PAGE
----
Experienced and Dedicated Glendale Attorneys Answer Frequently Asked Questions about Los Angeles Personal Injury, Criminal Law and Cannabis Regulation in California
If you are encountering a personal injury claim or arrest for the first time, or if you are exploring the idea of getting into the cannabis business in California, you likely have a lot of questions on your mind about the process involved. Below are answers to some frequently asked questions in these areas. If you have other questions or require immediate assistance after an arrest or car accident in Los Angeles County, call McReynolds Vardanyan at 818-855-2115 for a free consultation about your needs.
Personal Injury FAQs
Q. What do I do if I’ve been hurt on the job?
A. Most likely you will file a California workers’ compensation claim to receive benefits including medical care and have a portion of your wages paid while you are disabled. Notify your employer or supervisor right away to get the claim process started. There should be a poster in the break room or elsewhere on the premises letting you know your rights and how to proceed getting a claim underway.
You may also have a civil negligence claim against any third party who is liable for your injuries. Examples include being injured in a car accident while on duty, injured on another’s property while working off-site, or injured by a defective piece of machinery. It’s worthwhile to talk to an experienced personal injury attorney to find out if you have a third party liability claim. Your consultation should be free.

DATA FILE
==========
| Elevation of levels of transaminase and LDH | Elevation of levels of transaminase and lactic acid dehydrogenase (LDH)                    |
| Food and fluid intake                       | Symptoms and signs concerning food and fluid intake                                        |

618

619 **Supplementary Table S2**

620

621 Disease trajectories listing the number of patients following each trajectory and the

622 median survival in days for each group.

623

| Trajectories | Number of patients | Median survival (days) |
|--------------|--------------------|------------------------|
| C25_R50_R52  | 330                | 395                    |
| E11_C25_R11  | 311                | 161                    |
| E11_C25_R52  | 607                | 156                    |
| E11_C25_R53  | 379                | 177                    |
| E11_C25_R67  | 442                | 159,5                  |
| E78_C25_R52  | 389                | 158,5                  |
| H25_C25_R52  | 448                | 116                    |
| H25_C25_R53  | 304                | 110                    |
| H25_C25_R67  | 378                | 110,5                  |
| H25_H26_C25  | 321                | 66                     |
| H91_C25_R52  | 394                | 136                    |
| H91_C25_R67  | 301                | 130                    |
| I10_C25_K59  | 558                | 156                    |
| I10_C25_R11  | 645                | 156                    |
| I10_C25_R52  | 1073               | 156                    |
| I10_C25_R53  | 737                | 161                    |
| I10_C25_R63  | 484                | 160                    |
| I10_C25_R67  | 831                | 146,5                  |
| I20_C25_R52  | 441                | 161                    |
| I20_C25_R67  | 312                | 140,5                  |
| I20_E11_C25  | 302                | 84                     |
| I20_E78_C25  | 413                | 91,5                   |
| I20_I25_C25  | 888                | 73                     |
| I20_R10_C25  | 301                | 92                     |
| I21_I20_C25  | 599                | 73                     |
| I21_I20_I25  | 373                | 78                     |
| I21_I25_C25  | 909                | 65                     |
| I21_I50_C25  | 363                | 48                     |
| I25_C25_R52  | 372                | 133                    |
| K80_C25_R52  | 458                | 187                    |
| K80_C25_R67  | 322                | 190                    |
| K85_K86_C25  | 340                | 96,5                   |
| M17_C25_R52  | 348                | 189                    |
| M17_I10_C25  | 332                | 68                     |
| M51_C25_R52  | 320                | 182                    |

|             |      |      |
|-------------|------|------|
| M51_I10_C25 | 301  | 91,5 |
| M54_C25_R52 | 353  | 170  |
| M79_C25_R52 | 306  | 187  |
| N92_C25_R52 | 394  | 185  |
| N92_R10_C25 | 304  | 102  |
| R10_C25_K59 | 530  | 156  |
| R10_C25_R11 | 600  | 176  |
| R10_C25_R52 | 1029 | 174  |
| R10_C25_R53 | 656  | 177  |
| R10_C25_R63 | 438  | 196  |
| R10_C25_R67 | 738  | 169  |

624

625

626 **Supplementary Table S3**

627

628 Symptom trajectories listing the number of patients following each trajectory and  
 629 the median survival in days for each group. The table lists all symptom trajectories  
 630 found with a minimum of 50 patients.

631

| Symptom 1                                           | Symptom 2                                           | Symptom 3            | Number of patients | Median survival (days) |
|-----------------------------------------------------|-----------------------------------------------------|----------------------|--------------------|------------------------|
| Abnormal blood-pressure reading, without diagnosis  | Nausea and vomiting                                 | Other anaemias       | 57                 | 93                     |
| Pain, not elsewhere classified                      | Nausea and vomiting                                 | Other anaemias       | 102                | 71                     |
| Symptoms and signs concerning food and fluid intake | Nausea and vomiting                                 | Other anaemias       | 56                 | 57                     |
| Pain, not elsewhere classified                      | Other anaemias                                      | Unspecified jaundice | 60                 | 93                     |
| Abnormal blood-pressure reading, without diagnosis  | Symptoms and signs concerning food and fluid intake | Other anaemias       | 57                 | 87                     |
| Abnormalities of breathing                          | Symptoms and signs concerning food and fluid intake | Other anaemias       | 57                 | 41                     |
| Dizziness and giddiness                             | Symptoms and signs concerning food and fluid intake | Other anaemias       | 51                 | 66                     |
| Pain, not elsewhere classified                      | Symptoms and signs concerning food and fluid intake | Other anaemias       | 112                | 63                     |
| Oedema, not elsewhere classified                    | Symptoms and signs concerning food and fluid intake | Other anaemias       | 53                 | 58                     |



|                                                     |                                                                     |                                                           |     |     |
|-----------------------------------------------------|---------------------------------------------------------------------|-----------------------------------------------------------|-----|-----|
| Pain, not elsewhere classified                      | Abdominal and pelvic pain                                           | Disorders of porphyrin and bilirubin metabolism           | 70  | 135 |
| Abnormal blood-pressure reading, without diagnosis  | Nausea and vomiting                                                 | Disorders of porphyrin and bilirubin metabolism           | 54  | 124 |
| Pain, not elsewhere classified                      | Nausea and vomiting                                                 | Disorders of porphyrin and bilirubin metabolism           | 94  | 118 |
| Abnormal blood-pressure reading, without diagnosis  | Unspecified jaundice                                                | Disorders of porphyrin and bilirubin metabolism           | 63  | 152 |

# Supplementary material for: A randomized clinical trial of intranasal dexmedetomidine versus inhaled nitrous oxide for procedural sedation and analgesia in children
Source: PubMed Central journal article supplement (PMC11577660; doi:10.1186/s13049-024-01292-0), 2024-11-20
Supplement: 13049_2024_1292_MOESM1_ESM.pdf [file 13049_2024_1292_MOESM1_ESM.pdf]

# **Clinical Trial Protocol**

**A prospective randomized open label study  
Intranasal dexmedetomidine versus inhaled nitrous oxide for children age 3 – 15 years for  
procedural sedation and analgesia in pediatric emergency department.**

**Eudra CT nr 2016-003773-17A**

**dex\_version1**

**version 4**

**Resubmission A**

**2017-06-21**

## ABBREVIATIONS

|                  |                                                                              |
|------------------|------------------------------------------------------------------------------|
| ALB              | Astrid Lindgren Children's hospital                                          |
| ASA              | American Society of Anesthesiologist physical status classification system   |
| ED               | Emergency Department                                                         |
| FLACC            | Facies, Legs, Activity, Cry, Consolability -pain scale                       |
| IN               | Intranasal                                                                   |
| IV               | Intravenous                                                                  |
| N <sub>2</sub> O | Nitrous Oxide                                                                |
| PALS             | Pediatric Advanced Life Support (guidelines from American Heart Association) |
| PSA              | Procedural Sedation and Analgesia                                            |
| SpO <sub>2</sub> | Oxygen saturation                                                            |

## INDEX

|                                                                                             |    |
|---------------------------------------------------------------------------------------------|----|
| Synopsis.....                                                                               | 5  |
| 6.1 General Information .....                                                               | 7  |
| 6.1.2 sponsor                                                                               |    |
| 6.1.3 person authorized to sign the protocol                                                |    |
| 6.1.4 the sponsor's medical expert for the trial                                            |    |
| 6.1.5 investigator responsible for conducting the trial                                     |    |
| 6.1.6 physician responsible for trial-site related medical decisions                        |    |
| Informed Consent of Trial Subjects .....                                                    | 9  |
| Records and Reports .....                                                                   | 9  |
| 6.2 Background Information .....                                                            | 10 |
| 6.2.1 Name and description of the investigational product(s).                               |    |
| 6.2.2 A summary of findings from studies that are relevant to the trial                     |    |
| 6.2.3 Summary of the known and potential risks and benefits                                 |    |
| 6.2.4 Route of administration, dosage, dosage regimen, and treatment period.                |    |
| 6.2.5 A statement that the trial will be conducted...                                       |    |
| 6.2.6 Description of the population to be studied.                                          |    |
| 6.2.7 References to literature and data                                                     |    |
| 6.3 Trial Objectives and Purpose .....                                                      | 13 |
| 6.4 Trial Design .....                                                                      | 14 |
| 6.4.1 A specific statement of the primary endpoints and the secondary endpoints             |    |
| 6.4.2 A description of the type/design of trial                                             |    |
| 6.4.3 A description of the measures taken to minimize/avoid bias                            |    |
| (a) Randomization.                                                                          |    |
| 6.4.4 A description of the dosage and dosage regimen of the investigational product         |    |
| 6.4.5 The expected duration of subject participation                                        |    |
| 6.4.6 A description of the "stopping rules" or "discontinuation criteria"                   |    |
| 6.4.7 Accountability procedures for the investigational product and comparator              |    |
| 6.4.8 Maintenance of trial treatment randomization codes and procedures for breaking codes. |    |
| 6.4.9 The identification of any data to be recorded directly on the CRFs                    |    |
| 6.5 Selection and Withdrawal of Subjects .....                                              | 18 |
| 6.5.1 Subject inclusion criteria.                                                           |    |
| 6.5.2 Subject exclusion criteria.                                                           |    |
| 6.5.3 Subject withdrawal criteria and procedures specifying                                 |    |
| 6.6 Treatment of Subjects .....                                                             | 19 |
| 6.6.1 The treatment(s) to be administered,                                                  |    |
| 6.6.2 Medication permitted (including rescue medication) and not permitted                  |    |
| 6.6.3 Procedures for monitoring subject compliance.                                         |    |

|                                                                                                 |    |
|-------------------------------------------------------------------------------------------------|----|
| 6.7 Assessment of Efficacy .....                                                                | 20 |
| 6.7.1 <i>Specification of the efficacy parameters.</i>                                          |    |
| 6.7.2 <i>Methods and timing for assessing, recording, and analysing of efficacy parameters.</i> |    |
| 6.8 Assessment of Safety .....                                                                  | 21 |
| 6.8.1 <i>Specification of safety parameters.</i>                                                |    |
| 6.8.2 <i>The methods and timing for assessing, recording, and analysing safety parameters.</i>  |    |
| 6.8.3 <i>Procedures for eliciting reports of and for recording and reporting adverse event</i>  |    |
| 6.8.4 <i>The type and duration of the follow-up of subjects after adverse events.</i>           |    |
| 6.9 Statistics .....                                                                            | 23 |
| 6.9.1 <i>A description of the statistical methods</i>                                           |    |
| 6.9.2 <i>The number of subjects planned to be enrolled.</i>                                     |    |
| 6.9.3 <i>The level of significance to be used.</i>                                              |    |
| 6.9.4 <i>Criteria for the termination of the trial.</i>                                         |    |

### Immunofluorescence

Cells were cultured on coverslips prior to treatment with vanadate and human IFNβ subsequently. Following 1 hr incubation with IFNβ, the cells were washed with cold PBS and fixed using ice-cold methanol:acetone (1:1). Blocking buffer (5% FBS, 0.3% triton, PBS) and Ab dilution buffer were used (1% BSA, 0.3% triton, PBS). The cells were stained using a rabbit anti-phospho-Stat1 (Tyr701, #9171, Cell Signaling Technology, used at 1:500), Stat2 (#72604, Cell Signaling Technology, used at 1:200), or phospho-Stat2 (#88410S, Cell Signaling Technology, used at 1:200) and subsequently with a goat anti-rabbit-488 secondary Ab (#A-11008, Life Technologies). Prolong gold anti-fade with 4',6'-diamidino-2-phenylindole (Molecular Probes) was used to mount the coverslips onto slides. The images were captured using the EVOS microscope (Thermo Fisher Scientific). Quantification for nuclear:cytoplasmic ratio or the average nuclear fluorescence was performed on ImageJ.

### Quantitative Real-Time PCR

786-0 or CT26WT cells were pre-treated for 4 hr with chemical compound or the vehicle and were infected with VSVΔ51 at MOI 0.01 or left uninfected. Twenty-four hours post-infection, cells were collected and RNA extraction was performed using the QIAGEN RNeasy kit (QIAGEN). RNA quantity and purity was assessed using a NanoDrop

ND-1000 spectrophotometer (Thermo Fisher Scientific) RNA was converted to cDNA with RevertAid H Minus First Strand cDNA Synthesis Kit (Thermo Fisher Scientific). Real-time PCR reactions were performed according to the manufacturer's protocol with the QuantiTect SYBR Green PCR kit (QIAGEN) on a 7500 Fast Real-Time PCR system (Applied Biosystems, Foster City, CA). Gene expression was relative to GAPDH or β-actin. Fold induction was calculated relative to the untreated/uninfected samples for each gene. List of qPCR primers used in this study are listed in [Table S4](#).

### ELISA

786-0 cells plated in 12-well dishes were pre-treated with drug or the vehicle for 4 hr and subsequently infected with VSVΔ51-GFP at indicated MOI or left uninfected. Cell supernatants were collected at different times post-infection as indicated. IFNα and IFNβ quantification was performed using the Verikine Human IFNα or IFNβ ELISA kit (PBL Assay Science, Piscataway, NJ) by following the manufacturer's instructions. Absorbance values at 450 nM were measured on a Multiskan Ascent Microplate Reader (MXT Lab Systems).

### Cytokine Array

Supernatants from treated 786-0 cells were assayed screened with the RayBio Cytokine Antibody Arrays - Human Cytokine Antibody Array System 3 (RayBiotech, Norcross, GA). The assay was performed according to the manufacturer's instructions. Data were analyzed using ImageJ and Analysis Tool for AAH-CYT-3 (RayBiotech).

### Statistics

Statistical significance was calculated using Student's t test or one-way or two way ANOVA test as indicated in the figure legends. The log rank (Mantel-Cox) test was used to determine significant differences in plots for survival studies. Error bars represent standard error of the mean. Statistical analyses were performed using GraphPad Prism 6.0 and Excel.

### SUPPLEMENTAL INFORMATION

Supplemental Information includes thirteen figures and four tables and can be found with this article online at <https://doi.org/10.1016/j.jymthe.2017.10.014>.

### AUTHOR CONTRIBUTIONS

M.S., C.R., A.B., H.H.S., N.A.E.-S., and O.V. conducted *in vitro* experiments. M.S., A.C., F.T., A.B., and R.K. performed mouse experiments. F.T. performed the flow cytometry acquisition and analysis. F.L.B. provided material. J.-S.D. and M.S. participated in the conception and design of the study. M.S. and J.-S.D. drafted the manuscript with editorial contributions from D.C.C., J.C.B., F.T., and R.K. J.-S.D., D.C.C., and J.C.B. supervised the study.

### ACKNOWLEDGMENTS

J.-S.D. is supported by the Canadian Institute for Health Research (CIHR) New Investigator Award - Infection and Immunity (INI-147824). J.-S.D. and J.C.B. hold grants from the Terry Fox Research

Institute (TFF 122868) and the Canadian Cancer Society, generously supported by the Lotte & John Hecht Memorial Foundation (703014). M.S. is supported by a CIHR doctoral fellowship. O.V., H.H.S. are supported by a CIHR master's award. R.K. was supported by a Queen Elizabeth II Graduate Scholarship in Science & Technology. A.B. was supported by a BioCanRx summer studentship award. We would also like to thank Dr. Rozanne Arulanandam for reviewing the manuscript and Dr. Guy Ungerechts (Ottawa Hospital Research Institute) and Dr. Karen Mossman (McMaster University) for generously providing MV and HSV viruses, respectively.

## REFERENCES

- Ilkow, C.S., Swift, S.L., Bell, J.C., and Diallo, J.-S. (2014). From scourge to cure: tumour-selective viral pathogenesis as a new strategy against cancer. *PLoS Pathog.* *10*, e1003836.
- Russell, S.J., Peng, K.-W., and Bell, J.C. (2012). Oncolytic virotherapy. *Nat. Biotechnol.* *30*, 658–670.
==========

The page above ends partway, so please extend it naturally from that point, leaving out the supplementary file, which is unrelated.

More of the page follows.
Finally, you may have a lawsuit against your employer in limited circumstances if the accident was caused by the employer’s willful or intentional act. For instance, if you were injured because your boss disabled safety equipment to speed up production, forced you to work in a dangerous situation without the proper gear, or intentionally violated workplace safety rules, they may be liable to you for the full amount of your legal damages.
Q. The neighbor’s dog attacked my child and bit her, even though it’s never bitten anybody before. Are they still liable even though they did not know their dog might bite?
A. Yes. Although some states follow a “one free bite” rule, California does not. Rather, California imposes strict liability on dog owners when their animal bites or attacks someone. This applies to any bite that occurred on public property, or even on private property if the victim was lawfully on the property at the time. It doesn’t matter whether the owners had any knowledge or belief that their dog may be dangerous. They may, however, try to say that your daughter provoked the dog into attacking. You should talk to an attorney about how to proceed with a claim. Your neighbor’s homeowner’s policy should cover them in this situation.
Criminal Defense & DUI FAQs
Q. Can the police search my car if I get pulled over?